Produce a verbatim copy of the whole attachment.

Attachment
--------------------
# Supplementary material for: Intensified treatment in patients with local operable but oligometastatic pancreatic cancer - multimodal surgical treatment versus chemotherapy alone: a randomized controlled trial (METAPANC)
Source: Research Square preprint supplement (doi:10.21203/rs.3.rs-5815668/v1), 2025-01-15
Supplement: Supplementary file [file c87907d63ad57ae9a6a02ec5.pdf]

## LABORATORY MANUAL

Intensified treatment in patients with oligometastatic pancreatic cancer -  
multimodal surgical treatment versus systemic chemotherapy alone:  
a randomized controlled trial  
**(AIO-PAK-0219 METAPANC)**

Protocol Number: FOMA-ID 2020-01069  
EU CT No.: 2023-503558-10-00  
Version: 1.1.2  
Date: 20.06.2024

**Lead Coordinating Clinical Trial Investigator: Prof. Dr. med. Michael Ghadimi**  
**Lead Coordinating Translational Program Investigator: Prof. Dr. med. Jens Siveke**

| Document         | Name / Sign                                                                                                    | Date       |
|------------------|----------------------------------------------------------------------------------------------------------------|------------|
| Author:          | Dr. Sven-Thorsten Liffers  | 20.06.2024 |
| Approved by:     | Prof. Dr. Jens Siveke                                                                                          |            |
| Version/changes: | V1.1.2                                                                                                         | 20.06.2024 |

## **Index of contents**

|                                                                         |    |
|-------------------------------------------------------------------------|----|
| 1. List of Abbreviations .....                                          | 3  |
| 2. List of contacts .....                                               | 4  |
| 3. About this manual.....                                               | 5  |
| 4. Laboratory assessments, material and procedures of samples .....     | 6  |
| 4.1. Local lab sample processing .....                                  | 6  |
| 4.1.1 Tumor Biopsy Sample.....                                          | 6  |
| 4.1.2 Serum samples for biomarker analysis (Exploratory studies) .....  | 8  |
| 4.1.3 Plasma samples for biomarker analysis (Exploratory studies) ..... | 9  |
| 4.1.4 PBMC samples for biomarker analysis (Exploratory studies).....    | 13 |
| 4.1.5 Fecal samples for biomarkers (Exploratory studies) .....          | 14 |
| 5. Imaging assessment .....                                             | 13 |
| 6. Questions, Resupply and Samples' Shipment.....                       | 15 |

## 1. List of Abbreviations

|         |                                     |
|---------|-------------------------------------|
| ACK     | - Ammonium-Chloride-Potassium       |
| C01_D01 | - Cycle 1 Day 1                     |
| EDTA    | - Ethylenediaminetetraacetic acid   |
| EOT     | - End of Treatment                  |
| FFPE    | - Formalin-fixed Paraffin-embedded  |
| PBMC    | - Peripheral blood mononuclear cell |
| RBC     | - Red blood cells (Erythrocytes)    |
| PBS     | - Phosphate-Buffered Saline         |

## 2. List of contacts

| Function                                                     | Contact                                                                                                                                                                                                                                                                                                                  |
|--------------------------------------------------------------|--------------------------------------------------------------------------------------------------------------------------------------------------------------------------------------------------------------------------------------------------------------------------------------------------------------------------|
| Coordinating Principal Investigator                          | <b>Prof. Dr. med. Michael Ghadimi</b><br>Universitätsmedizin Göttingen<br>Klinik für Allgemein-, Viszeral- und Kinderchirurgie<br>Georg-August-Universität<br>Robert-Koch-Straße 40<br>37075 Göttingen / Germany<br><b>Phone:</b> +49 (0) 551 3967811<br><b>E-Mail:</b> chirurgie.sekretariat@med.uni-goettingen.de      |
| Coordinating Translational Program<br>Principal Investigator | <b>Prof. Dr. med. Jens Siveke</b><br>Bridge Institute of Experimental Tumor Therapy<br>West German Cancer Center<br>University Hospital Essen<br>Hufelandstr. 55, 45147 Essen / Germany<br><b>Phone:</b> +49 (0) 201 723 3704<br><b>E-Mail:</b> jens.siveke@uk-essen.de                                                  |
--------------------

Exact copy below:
# Supplementary material for: Intensified treatment in patients with local operable but oligometastatic pancreatic cancer - multimodal surgical treatment versus chemotherapy alone: a randomized controlled trial (METAPANC)
Source: Research Square preprint supplement (doi:10.21203/rs.3.rs-5815668/v1), 2025-01-15
Supplement: Supplementary file [file c87907d63ad57ae9a6a02ec5.pdf]

## LABORATORY MANUAL

Intensified treatment in patients with oligometastatic pancreatic cancer -  
multimodal surgical treatment versus systemic chemotherapy alone:  
a randomized controlled trial  
**(AIO-PAK-0219 METAPANC)**

Protocol Number: FOMA-ID 2020-01069  
EU CT No.: 2023-503558-10-00  
Version: 1.1.2  
Date: 20.06.2024

**Lead Coordinating Clinical Trial Investigator: Prof. Dr. med. Michael Ghadimi**  
**Lead Coordinating Translational Program Investigator: Prof. Dr. med. Jens Siveke**

| Document         | Name / Sign                                                                                                    | Date       |
|------------------|----------------------------------------------------------------------------------------------------------------|------------|
| Author:          | Dr. Sven-Thorsten Liffers  | 20.06.2024 |
| Approved by:     | Prof. Dr. Jens Siveke                                                                                          |            |
| Version/changes: | V1.1.2                                                                                                         | 20.06.2024 |

## **Index of contents**

|                                                                         |    |
|-------------------------------------------------------------------------|----|
| 1. List of Abbreviations .....                                          | 3  |
| 2. List of contacts .....                                               | 4  |
| 3. About this manual.....                                               | 5  |
| 4. Laboratory assessments, material and procedures of samples .....     | 6  |
| 4.1. Local lab sample processing .....                                  | 6  |
| 4.1.1 Tumor Biopsy Sample.....                                          | 6  |
| 4.1.2 Serum samples for biomarker analysis (Exploratory studies) .....  | 8  |
| 4.1.3 Plasma samples for biomarker analysis (Exploratory studies) ..... | 9  |
| 4.1.4 PBMC samples for biomarker analysis (Exploratory studies).....    | 13 |
| 4.1.5 Fecal samples for biomarkers (Exploratory studies) .....          | 14 |
| 5. Imaging assessment .....                                             | 13 |
| 6. Questions, Resupply and Samples' Shipment.....                       | 15 |

## 1. List of Abbreviations

|         |                                     |
|---------|-------------------------------------|
| ACK     | - Ammonium-Chloride-Potassium       |
| C01_D01 | - Cycle 1 Day 1                     |
| EDTA    | - Ethylenediaminetetraacetic acid   |
| EOT     | - End of Treatment                  |
| FFPE    | - Formalin-fixed Paraffin-embedded  |
| PBMC    | - Peripheral blood mononuclear cell |
| RBC     | - Red blood cells (Erythrocytes)    |
| PBS     | - Phosphate-Buffered Saline         |

## 2. List of contacts

| Function                                                     | Contact                                                                                                                                                                                                                                                                                                                  |
|--------------------------------------------------------------|--------------------------------------------------------------------------------------------------------------------------------------------------------------------------------------------------------------------------------------------------------------------------------------------------------------------------|
| Coordinating Principal Investigator                          | <b>Prof. Dr. med. Michael Ghadimi</b><br>Universitätsmedizin Göttingen<br>Klinik für Allgemein-, Viszeral- und Kinderchirurgie<br>Georg-August-Universität<br>Robert-Koch-Straße 40<br>37075 Göttingen / Germany<br><b>Phone:</b> +49 (0) 551 3967811<br><b>E-Mail:</b> chirurgie.sekretariat@med.uni-goettingen.de      |
| Coordinating Translational Program<br>Principal Investigator | <b>Prof. Dr. med. Jens Siveke</b><br>Bridge Institute of Experimental Tumor Therapy<br>West German Cancer Center<br>University Hospital Essen<br>Hufelandstr. 55, 45147 Essen / Germany<br><b>Phone:</b> +49 (0) 201 723 3704<br><b>E-Mail:</b> jens.siveke@uk-essen.de                                                  |